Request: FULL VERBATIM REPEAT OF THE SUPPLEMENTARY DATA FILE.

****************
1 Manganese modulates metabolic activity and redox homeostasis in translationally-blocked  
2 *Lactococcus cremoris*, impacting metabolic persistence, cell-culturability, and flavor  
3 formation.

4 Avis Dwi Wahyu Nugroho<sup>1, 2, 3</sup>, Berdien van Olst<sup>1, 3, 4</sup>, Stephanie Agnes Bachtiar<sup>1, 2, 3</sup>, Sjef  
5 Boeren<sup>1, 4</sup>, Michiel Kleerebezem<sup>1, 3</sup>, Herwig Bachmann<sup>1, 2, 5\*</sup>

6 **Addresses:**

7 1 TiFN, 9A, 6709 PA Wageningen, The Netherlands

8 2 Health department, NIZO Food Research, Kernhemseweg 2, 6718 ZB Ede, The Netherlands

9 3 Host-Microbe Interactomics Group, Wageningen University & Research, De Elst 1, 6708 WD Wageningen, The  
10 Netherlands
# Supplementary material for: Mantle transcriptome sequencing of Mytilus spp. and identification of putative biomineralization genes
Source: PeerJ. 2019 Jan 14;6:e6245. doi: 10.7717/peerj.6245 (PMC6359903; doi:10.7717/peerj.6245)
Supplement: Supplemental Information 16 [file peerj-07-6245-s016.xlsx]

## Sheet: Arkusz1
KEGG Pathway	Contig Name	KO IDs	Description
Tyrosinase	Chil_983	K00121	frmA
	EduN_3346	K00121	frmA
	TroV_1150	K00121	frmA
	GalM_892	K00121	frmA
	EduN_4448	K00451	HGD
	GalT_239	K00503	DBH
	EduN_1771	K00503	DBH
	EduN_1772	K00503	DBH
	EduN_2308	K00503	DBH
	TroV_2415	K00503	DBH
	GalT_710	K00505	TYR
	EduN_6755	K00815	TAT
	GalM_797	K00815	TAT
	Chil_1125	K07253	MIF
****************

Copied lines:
1 Manganese modulates metabolic activity and redox homeostasis in translationally-blocked  
2 *Lactococcus cremoris*, impacting metabolic persistence, cell-culturability, and flavor  
3 formation.

4 Avis Dwi Wahyu Nugroho<sup>1, 2, 3</sup>, Berdien van Olst<sup>1, 3, 4</sup>, Stephanie Agnes Bachtiar<sup>1, 2, 3</sup>, Sjef  
5 Boeren<sup>1, 4</sup>, Michiel Kleerebezem<sup>1, 3</sup>, Herwig Bachmann<sup>1, 2, 5\*</sup>

6 **Addresses:**

7 1 TiFN, 9A, 6709 PA Wageningen, The Netherlands

8 2 Health department, NIZO Food Research, Kernhemseweg 2, 6718 ZB Ede, The Netherlands

9 3 Host-Microbe Interactomics Group, Wageningen University & Research, De Elst 1, 6708 WD Wageningen, The  
10 Netherlands
# Supplementary material for: Mantle transcriptome sequencing of Mytilus spp. and identification of putative biomineralization genes
Source: PeerJ. 2019 Jan 14;6:e6245. doi: 10.7717/peerj.6245 (PMC6359903; doi:10.7717/peerj.6245)
Supplement: Supplemental Information 16 [file peerj-07-6245-s016.xlsx]

## Sheet: Arkusz1
KEGG Pathway	Contig Name	KO IDs	Description
Tyrosinase	Chil_983	K00121	frmA
	EduN_3346	K00121	frmA
	TroV_1150	K00121	frmA
	GalM_892	K00121	frmA
	EduN_4448	K00451	HGD
	GalT_239	K00503	DBH
	EduN_1771	K00503	DBH
	EduN_1772	K00503	DBH
	EduN_2308	K00503	DBH
	TroV_2415	K00503	DBH
	GalT_710	K00505	TYR
	EduN_6755	K00815	TAT
	GalM_797	K00815	TAT
	Chil_1125	K07253	MIF